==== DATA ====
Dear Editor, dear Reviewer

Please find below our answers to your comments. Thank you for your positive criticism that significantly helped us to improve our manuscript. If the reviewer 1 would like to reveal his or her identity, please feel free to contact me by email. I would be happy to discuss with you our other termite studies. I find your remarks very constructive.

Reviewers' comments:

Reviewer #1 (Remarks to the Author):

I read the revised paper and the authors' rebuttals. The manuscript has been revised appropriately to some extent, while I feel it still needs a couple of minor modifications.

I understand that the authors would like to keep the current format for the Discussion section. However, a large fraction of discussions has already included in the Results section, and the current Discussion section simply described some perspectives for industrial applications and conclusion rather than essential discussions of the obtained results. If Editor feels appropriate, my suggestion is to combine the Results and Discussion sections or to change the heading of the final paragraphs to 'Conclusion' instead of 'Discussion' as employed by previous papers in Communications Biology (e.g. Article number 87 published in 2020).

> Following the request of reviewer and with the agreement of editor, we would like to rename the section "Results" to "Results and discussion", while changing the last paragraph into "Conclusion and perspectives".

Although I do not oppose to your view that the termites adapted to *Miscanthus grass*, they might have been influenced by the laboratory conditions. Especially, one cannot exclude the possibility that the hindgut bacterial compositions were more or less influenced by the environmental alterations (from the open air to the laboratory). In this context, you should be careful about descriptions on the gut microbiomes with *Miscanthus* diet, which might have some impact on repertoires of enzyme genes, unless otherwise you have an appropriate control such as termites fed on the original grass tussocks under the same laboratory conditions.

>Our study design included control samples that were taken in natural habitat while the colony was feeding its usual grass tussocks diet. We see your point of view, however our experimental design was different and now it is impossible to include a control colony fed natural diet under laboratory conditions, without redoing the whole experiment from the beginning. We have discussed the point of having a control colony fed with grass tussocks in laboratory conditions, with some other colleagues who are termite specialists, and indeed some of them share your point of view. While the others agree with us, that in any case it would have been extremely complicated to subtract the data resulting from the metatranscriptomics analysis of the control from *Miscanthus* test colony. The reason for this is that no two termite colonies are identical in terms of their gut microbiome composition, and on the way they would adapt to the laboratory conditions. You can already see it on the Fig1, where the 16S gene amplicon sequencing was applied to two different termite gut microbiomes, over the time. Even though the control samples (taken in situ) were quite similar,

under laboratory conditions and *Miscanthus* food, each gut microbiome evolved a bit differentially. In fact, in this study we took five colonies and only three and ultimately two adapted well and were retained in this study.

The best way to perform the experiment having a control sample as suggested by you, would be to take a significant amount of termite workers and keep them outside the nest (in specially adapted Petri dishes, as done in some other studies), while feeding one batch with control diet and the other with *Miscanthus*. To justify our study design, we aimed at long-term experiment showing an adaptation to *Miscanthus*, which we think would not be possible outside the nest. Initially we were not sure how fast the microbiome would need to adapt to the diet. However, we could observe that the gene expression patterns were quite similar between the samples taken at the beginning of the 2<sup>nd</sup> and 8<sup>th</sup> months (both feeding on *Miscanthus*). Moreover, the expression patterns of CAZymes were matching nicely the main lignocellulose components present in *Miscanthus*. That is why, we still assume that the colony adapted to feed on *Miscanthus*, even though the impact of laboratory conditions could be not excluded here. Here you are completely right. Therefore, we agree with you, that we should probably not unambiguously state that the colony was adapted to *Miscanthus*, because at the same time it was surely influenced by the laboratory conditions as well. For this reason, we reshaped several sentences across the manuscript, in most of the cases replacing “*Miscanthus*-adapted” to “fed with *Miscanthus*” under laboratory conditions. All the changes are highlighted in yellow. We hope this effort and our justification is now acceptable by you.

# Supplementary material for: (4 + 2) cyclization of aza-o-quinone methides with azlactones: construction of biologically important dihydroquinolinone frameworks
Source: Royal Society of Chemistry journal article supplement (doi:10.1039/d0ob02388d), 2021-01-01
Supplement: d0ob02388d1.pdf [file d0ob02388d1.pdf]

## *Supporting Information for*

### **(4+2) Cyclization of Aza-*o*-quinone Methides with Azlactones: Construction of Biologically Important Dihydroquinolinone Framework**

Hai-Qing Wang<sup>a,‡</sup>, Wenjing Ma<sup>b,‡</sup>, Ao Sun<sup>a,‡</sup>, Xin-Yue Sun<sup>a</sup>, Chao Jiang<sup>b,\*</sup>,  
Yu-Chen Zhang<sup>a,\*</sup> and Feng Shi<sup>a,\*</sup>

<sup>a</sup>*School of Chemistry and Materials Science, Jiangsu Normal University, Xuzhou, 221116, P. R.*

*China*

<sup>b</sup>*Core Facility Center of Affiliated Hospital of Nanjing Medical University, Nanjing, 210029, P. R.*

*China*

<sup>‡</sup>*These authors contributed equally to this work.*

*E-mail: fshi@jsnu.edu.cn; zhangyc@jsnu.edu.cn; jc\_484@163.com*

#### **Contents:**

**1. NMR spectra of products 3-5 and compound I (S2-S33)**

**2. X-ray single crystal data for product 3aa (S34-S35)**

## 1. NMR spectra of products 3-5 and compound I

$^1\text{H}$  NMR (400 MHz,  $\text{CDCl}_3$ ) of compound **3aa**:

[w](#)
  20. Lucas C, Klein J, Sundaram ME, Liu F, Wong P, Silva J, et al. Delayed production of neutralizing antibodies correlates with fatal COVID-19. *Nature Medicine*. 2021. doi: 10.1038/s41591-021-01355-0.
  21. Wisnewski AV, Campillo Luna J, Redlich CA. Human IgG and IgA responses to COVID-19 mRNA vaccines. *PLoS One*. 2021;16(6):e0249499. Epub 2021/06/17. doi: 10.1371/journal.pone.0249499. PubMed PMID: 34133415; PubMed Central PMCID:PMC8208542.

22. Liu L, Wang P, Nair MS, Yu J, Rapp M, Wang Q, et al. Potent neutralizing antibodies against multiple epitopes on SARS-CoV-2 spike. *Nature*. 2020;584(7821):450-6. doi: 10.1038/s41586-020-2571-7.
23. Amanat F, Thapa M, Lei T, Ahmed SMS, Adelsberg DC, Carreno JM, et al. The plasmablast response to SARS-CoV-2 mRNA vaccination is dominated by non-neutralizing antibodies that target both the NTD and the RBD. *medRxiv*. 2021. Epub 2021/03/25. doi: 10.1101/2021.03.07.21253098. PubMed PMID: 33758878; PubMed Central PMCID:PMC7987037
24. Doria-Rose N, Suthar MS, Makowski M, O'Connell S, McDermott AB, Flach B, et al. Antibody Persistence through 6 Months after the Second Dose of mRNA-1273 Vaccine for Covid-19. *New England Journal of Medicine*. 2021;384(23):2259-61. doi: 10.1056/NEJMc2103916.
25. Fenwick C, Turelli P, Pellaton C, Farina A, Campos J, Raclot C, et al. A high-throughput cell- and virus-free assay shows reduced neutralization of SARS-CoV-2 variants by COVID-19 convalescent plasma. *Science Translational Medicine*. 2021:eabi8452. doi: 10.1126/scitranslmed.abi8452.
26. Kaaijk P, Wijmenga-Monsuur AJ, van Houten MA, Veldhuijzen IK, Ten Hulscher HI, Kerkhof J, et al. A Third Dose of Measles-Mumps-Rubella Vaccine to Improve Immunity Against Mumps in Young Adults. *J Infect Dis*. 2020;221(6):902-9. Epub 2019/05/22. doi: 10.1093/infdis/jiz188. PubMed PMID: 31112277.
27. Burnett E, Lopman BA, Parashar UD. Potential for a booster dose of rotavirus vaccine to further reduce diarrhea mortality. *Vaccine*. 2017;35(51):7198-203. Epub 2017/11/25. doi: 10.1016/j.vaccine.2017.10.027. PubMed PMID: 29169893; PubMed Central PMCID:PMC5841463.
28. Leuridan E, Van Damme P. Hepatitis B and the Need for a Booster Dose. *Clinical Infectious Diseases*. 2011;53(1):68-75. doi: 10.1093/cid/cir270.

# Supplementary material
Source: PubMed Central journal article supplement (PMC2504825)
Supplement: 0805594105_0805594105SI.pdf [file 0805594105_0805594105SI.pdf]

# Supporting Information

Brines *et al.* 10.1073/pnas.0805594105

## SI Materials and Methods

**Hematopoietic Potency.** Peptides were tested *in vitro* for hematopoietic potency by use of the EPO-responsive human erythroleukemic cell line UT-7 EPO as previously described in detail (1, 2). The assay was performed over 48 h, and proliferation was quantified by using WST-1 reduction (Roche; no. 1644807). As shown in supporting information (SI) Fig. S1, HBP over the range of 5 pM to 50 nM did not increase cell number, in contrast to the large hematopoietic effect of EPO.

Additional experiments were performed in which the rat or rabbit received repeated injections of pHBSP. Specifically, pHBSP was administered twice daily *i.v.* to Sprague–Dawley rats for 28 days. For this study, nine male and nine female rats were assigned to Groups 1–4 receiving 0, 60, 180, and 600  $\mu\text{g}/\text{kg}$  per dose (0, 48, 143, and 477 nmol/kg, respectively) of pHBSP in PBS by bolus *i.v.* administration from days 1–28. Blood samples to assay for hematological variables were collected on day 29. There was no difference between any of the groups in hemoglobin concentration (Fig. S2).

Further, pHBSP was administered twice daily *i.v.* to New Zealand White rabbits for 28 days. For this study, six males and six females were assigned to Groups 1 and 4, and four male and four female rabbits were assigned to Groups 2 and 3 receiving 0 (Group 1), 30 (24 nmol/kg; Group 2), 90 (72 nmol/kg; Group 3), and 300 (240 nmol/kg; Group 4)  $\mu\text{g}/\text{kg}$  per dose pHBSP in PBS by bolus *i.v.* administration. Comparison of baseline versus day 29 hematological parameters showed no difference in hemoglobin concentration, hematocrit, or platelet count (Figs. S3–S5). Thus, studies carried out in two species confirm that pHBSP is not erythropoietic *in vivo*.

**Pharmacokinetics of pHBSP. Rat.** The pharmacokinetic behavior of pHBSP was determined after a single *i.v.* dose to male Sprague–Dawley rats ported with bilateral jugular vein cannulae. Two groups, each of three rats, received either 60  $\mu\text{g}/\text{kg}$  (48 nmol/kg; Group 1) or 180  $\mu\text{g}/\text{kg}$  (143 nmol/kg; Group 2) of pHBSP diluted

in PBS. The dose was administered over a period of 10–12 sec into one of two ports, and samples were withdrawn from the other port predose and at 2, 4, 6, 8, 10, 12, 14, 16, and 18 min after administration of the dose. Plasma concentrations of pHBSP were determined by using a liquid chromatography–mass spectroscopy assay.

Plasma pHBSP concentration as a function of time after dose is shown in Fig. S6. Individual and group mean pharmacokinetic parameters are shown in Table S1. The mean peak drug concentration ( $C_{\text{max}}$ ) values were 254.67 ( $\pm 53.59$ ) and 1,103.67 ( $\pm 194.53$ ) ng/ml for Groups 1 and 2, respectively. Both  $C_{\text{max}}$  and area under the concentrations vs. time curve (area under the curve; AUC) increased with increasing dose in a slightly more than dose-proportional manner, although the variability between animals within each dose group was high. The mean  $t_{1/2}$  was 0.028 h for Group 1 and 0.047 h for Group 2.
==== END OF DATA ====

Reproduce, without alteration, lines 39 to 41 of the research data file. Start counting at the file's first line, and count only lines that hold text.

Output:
28. Leuridan E, Van Damme P. Hepatitis B and the Need for a Booster Dose. *Clinical Infectious Diseases*. 2011;53(1):68-75. doi: 10.1093/cid/cir270.

# Supplementary material
Source: PubMed Central journal article supplement (PMC2504825)